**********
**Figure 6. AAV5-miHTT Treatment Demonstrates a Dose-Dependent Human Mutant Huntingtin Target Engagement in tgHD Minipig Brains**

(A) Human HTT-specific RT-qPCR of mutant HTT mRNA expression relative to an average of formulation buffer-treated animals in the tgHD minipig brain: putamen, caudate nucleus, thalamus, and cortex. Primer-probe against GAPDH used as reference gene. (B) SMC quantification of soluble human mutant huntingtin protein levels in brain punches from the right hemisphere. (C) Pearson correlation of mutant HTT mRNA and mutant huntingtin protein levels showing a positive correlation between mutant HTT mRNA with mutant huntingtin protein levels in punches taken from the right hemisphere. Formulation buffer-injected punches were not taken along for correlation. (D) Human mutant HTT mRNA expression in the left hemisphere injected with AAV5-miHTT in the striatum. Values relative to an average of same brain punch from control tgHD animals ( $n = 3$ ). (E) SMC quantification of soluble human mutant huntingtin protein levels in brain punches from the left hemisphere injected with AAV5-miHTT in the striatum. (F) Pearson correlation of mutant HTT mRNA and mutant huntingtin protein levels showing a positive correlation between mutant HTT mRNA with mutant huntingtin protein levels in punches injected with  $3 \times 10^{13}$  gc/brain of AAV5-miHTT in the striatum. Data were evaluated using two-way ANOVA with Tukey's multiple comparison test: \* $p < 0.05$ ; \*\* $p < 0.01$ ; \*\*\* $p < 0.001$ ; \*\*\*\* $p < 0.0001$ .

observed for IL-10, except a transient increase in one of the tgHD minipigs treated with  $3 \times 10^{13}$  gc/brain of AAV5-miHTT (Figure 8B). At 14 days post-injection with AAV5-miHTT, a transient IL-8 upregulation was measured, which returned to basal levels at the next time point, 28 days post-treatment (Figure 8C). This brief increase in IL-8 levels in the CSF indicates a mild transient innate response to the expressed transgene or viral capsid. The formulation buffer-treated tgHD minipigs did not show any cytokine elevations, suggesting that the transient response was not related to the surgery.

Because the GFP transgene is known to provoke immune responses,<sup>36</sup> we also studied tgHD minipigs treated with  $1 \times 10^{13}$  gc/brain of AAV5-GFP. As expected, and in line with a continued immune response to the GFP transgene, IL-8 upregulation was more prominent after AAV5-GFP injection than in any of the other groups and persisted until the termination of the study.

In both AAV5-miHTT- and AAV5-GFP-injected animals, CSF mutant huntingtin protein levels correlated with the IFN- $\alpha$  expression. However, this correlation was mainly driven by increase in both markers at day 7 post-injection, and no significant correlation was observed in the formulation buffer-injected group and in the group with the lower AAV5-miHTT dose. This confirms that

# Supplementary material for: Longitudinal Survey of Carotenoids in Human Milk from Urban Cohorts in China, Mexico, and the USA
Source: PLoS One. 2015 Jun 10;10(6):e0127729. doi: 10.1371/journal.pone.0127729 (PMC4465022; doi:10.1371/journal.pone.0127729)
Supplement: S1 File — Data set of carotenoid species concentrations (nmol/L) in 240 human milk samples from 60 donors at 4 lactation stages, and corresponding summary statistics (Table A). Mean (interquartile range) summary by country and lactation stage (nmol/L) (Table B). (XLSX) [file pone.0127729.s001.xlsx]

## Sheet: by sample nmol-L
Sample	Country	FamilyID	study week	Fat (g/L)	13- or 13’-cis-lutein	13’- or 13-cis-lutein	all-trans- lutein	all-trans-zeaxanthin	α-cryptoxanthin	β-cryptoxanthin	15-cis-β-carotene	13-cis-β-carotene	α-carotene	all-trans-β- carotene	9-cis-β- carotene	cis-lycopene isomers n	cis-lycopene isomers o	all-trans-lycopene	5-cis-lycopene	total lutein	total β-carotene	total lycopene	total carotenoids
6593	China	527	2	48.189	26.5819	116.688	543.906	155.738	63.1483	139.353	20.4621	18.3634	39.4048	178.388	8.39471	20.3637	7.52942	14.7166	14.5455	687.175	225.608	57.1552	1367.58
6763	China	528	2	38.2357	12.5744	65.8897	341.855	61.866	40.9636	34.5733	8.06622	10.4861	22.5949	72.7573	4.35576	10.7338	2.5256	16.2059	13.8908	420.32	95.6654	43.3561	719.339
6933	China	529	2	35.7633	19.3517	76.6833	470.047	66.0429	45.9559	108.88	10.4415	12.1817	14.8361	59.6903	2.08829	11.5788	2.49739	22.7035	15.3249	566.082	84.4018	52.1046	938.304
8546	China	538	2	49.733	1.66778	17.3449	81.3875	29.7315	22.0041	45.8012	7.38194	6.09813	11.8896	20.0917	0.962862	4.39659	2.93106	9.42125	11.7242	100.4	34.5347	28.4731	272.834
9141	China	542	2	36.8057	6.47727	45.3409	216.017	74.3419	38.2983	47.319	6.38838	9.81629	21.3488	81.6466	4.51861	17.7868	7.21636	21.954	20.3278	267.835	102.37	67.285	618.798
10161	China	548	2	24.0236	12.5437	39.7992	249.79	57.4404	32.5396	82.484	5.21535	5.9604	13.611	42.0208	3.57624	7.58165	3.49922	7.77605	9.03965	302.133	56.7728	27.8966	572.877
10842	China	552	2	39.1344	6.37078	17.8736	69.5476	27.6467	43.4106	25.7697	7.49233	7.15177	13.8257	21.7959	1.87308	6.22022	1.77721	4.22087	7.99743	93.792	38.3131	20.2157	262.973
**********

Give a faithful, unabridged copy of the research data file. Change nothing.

**Figure 6. AAV5-miHTT Treatment Demonstrates a Dose-Dependent Human Mutant Huntingtin Target Engagement in tgHD Minipig Brains**

(A) Human HTT-specific RT-qPCR of mutant HTT mRNA expression relative to an average of formulation buffer-treated animals in the tgHD minipig brain: putamen, caudate nucleus, thalamus, and cortex. Primer-probe against GAPDH used as reference gene. (B) SMC quantification of soluble human mutant huntingtin protein levels in brain punches from the right hemisphere. (C) Pearson correlation of mutant HTT mRNA and mutant huntingtin protein levels showing a positive correlation between mutant HTT mRNA with mutant huntingtin protein levels in punches taken from the right hemisphere. Formulation buffer-injected punches were not taken along for correlation. (D) Human mutant HTT mRNA expression in the left hemisphere injected with AAV5-miHTT in the striatum. Values relative to an average of same brain punch from control tgHD animals ( $n = 3$ ). (E) SMC quantification of soluble human mutant huntingtin protein levels in brain punches from the left hemisphere injected with AAV5-miHTT in the striatum. (F) Pearson correlation of mutant HTT mRNA and mutant huntingtin protein levels showing a positive correlation between mutant HTT mRNA with mutant huntingtin protein levels in punches injected with  $3 \times 10^{13}$  gc/brain of AAV5-miHTT in the striatum. Data were evaluated using two-way ANOVA with Tukey's multiple comparison test: \* $p < 0.05$ ; \*\* $p < 0.01$ ; \*\*\* $p < 0.001$ ; \*\*\*\* $p < 0.0001$ .

observed for IL-10, except a transient increase in one of the tgHD minipigs treated with  $3 \times 10^{13}$  gc/brain of AAV5-miHTT (Figure 8B). At 14 days post-injection with AAV5-miHTT, a transient IL-8 upregulation was measured, which returned to basal levels at the next time point, 28 days post-treatment (Figure 8C). This brief increase in IL-8 levels in the CSF indicates a mild transient innate response to the expressed transgene or viral capsid. The formulation buffer-treated tgHD minipigs did not show any cytokine elevations, suggesting that the transient response was not related to the surgery.

Because the GFP transgene is known to provoke immune responses,<sup>36</sup> we also studied tgHD minipigs treated with  $1 \times 10^{13}$  gc/brain of AAV5-GFP. As expected, and in line with a continued immune response to the GFP transgene, IL-8 upregulation was more prominent after AAV5-GFP injection than in any of the other groups and persisted until the termination of the study.

In both AAV5-miHTT- and AAV5-GFP-injected animals, CSF mutant huntingtin protein levels correlated with the IFN- $\alpha$  expression. However, this correlation was mainly driven by increase in both markers at day 7 post-injection, and no significant correlation was observed in the formulation buffer-injected group and in the group with the lower AAV5-miHTT dose. This confirms that

# Supplementary material for: Longitudinal Survey of Carotenoids in Human Milk from Urban Cohorts in China, Mexico, and the USA
Source: PLoS One. 2015 Jun 10;10(6):e0127729. doi: 10.1371/journal.pone.0127729 (PMC4465022; doi:10.1371/journal.pone.0127729)
Supplement: S1 File — Data set of carotenoid species concentrations (nmol/L) in 240 human milk samples from 60 donors at 4 lactation stages, and corresponding summary statistics (Table A). Mean (interquartile range) summary by country and lactation stage (nmol/L) (Table B). (XLSX) [file pone.0127729.s001.xlsx]

## Sheet: by sample nmol-L
Sample	Country	FamilyID	study week	Fat (g/L)	13- or 13’-cis-lutein	13’- or 13-cis-lutein	all-trans- lutein	all-trans-zeaxanthin	α-cryptoxanthin	β-cryptoxanthin	15-cis-β-carotene	13-cis-β-carotene	α-carotene	all-trans-β- carotene	9-cis-β- carotene	cis-lycopene isomers n	cis-lycopene isomers o	all-trans-lycopene	5-cis-lycopene	total lutein	total β-carotene	total lycopene	total carotenoids
6593	China	527	2	48.189	26.5819	116.688	543.906	155.738	63.1483	139.353	20.4621	18.3634	39.4048	178.388	8.39471	20.3637	7.52942	14.7166	14.5455	687.175	225.608	57.1552	1367.58
6763	China	528	2	38.2357	12.5744	65.8897	341.855	61.866	40.9636	34.5733	8.06622	10.4861	22.5949	72.7573	4.35576	10.7338	2.5256	16.2059	13.8908	420.32	95.6654	43.3561	719.339
6933	China	529	2	35.7633	19.3517	76.6833	470.047	66.0429	45.9559	108.88	10.4415	12.1817	14.8361	59.6903	2.08829	11.5788	2.49739	22.7035	15.3249	566.082	84.4018	52.1046	938.304
8546	China	538	2	49.733	1.66778	17.3449	81.3875	29.7315	22.0041	45.8012	7.38194	6.09813	11.8896	20.0917	0.962862	4.39659	2.93106	9.42125	11.7242	100.4	34.5347	28.4731	272.834
9141	China	542	2	36.8057	6.47727	45.3409	216.017	74.3419	38.2983	47.319	6.38838	9.81629	21.3488	81.6466	4.51861	17.7868	7.21636	21.954	20.3278	267.835	102.37	67.285	618.798
10161	China	548	2	24.0236	12.5437	39.7992	249.79	57.4404	32.5396	82.484	5.21535	5.9604	13.611	42.0208	3.57624	7.58165	3.49922	7.77605	9.03965	302.133	56.7728	27.8966	572.877
10842	China	552	2	39.1344	6.37078	17.8736	69.5476	27.6467	43.4106	25.7697	7.49233	7.15177	13.8257	21.7959	1.87308	6.22022	1.77721	4.22087	7.99743	93.792	38.3131	20.2157	262.973